Summer Pet Safety Tips

We all look forward to the long, warm days of summer, including our pets. We take our dogs on walks around the neighborhood and hikes in the Marin headlands, lounge with them in the yard or poolside and take them with us to Stinson beach. Our feline friends can be found basking in a puddle of sunlight either indoors or out.

With the warm weather comes a variety of things that can affect your pet's wellbeing. By taking appropriate measures as well as having a heighten awareness, you can ensure your pets are happy and healthy all year round.

Here are some sound pet protection guidelines for summer and beyond.


Because dogs and cats don't sweat, they can easily become overheated. If you take your dog on walks, hikes or runs, always carry water and stop to allow them to drink frequently. Avoid taking them out in the heat of the day. Watch for warning signs of heatstroke or heat exhaustion, which include excessive panting, seeking out shade and stopping frequently.

Leaving pets in the car

In the summer when temperatures soar, leaving pets in the car for even a few minutes can prove fatal. Because they can't cool off except through panting, dogs and cats can quickly overheat. Even if the temperature outside a car is cooler, it quickly rises inside a vehicle, reaching deadly levels within 15 to 20 minutes. For example, a University of San Francisco study showed that the interior of a car registered 105 degrees after sitting in 88 degree weather for only 20 minutes. As a rule, it is best to avoid leaving pets in the car for any amount of time, no matter the weather.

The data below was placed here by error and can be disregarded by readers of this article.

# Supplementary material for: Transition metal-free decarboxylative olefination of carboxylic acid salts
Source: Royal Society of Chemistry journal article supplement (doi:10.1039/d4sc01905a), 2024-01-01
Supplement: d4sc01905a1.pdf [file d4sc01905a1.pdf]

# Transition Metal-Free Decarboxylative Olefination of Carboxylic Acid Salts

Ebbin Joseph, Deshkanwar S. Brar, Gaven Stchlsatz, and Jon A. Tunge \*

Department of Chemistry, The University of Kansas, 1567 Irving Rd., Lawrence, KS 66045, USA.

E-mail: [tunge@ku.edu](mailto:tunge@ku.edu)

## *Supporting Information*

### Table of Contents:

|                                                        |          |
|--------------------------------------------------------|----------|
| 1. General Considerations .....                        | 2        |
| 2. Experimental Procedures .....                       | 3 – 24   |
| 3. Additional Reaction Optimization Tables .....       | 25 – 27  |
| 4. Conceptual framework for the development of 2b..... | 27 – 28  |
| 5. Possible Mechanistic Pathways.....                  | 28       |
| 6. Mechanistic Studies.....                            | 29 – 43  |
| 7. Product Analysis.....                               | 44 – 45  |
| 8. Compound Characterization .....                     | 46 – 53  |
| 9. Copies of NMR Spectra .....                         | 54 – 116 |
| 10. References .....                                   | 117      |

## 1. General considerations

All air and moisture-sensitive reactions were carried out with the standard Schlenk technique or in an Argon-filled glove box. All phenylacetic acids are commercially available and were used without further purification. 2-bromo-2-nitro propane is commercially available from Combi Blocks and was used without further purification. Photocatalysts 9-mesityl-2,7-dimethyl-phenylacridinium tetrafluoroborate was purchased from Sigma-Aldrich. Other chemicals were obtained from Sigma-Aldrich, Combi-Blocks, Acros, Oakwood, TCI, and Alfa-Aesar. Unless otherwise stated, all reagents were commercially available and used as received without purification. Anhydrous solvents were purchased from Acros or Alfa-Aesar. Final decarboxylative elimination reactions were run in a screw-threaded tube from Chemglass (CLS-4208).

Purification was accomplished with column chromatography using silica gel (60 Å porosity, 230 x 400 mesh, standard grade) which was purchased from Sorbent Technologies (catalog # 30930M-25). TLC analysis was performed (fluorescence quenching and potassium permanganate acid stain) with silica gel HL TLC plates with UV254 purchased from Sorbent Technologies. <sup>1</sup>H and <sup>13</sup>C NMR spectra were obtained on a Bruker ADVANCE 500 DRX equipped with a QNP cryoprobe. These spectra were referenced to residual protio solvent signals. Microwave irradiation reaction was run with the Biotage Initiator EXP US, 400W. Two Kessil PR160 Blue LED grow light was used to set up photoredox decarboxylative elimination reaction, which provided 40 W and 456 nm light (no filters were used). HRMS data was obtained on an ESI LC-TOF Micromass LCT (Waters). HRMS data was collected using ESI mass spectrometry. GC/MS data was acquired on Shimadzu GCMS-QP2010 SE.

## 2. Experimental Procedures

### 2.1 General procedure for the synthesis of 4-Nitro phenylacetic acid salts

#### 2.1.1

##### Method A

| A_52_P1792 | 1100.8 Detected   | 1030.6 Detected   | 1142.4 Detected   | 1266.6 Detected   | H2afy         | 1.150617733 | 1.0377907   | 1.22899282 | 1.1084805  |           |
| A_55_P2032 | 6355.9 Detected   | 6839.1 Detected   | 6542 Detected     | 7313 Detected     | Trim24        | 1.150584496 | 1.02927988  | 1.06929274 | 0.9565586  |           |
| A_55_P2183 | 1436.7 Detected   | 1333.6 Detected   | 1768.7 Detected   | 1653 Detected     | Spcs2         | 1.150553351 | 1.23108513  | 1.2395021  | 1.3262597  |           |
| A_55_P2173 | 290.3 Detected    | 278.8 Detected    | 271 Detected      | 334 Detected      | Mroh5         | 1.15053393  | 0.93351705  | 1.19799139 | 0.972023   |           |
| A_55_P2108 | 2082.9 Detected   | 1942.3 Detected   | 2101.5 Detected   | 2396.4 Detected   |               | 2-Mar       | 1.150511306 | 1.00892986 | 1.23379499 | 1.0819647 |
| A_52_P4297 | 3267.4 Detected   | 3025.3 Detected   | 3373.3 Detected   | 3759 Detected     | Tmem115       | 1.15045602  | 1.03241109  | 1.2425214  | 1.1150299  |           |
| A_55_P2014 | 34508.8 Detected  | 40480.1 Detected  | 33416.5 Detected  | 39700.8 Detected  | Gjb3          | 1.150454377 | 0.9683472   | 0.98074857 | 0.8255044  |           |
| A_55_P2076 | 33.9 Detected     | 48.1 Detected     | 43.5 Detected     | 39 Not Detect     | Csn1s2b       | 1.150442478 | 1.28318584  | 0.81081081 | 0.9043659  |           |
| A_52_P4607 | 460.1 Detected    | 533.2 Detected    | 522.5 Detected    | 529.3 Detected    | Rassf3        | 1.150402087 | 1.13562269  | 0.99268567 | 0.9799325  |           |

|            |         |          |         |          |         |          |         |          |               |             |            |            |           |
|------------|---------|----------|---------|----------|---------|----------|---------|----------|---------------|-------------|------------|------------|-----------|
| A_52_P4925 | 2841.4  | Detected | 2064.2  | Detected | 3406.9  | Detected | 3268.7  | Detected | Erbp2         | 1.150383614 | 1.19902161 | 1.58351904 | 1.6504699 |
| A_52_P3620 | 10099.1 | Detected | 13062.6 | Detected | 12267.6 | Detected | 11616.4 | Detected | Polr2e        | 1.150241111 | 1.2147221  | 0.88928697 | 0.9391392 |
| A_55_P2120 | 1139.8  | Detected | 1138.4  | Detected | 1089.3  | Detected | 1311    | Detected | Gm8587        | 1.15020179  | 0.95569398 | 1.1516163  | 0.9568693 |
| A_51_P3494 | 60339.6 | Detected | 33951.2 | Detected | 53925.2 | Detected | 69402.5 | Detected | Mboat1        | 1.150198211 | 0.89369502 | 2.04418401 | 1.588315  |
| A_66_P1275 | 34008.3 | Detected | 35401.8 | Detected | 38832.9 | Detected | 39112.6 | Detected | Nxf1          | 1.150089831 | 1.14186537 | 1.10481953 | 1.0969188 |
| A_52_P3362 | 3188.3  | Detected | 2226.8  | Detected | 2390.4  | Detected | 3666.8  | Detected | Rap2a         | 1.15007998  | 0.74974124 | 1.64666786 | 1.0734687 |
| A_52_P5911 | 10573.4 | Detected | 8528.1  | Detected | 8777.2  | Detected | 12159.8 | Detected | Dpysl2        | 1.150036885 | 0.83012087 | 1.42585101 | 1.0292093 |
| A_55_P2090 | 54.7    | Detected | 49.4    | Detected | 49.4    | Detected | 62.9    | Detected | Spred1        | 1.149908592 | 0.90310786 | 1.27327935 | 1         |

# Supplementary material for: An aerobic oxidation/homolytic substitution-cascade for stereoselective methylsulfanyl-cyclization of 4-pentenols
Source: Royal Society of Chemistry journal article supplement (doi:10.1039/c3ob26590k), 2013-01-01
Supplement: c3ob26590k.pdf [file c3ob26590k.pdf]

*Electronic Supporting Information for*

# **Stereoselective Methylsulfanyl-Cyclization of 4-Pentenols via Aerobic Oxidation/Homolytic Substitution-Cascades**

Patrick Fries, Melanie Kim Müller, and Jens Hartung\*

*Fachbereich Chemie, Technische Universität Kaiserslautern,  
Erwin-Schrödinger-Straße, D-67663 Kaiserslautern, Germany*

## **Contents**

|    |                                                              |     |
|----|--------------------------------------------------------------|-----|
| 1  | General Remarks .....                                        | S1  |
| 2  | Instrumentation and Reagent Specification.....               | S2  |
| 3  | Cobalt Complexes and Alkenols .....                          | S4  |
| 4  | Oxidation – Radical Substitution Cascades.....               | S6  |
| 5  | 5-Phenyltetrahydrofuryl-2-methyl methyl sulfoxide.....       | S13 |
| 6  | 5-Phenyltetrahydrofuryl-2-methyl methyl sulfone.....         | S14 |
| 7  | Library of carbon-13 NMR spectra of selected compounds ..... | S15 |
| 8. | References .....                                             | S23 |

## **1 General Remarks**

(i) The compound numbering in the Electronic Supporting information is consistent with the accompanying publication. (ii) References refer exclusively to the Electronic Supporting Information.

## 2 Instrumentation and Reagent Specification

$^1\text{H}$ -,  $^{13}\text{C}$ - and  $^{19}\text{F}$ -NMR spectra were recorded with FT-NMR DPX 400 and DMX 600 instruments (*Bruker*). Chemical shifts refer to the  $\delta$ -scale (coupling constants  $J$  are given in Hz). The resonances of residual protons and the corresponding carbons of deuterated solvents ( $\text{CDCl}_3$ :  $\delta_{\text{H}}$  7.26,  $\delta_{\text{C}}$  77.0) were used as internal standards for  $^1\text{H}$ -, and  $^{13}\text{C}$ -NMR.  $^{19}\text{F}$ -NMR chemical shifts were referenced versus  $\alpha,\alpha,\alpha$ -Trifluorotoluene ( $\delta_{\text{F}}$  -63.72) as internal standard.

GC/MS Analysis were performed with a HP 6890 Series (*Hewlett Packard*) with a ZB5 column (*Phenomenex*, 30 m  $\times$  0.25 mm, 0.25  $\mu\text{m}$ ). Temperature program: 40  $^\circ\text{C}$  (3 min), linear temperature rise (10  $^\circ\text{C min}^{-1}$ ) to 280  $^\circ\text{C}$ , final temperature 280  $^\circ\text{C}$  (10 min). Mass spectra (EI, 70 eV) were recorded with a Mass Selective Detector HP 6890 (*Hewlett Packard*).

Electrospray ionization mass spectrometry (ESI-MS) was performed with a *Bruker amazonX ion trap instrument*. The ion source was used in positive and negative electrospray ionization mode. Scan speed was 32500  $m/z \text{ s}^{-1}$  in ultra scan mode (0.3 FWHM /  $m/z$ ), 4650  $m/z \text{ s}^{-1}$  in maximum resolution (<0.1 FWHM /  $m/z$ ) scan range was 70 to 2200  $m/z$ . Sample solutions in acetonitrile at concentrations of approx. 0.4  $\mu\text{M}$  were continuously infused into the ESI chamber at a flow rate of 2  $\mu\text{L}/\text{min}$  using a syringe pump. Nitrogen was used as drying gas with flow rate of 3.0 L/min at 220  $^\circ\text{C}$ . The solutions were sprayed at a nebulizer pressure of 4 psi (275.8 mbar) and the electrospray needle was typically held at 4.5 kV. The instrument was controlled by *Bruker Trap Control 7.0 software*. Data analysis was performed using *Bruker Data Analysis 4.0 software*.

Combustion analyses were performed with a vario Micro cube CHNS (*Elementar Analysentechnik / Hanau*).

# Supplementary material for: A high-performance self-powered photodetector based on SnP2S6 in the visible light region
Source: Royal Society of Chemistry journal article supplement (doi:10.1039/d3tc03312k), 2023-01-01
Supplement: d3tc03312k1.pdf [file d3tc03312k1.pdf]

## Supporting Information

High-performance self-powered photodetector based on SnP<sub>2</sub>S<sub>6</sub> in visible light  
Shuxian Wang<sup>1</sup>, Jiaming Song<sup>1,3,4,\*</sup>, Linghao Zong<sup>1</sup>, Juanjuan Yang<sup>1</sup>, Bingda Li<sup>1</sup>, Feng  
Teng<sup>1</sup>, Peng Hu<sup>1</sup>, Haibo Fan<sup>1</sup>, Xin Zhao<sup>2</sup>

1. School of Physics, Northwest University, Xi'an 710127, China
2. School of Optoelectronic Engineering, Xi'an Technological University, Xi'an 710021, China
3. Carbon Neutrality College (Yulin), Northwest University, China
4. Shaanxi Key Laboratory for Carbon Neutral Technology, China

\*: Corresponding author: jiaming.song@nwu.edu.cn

Sun exposure

Pets are just as susceptible to sun exposure and skin cancer as humans, especially on areas that are not protected by hair or fur. Ears, noses and bellies can benefit from baby-safe sunscreen, a practice that is often recommended by vets. Apply sunscreen even on indoor cats since they, too, will sit in windows and get sun exposure.

Consuming human food

We all love to reward our furry friends with a treat of table scraps but allowing our animals to indulge can result in significant intestinal issues to their sensitive digestive tract. Pets can even get pancreatitis from eating human food, a potentially life threatening ailment. The best reward is to feed them a high quality pet food augmented with pet treats on occasion.

Snakes, spider and insect bites

Summer brings out a myriad of creatures, many of which can cause serious issues if they bite your dog or cat. If your animal is bitten by a spider or snake, take them to the vet immediately. Take a picture of the snake or spider, if possible, as this can help the vet determine if the bite is serious or merely a nuisance.

Lost pets

The summer months show an rise in the number of lost pets. Many of us take our pets to the beach and on vacation with us as well as spending more time outdoors, they have more of an opportunity to escape. To prevent or minimize your pet being lost, ensure they always wear their collar with an updated ID tag that includes your cellphone so you can be reached immediately. Microchipping is a great backup, especially if your dog or cat isn't wearing a collar or the collar comes off. It is also highly recommended to keep your dog on leash during hikes in Marin County and at the beaches along the Great Highway to deter their ability to explore.

These precautions will keep your favorite pooch or kitty cat happy, safe and healthy, ensuring they are a beloved family member for many summers to come.



Article excerpt Costco Connection July 2017 edition.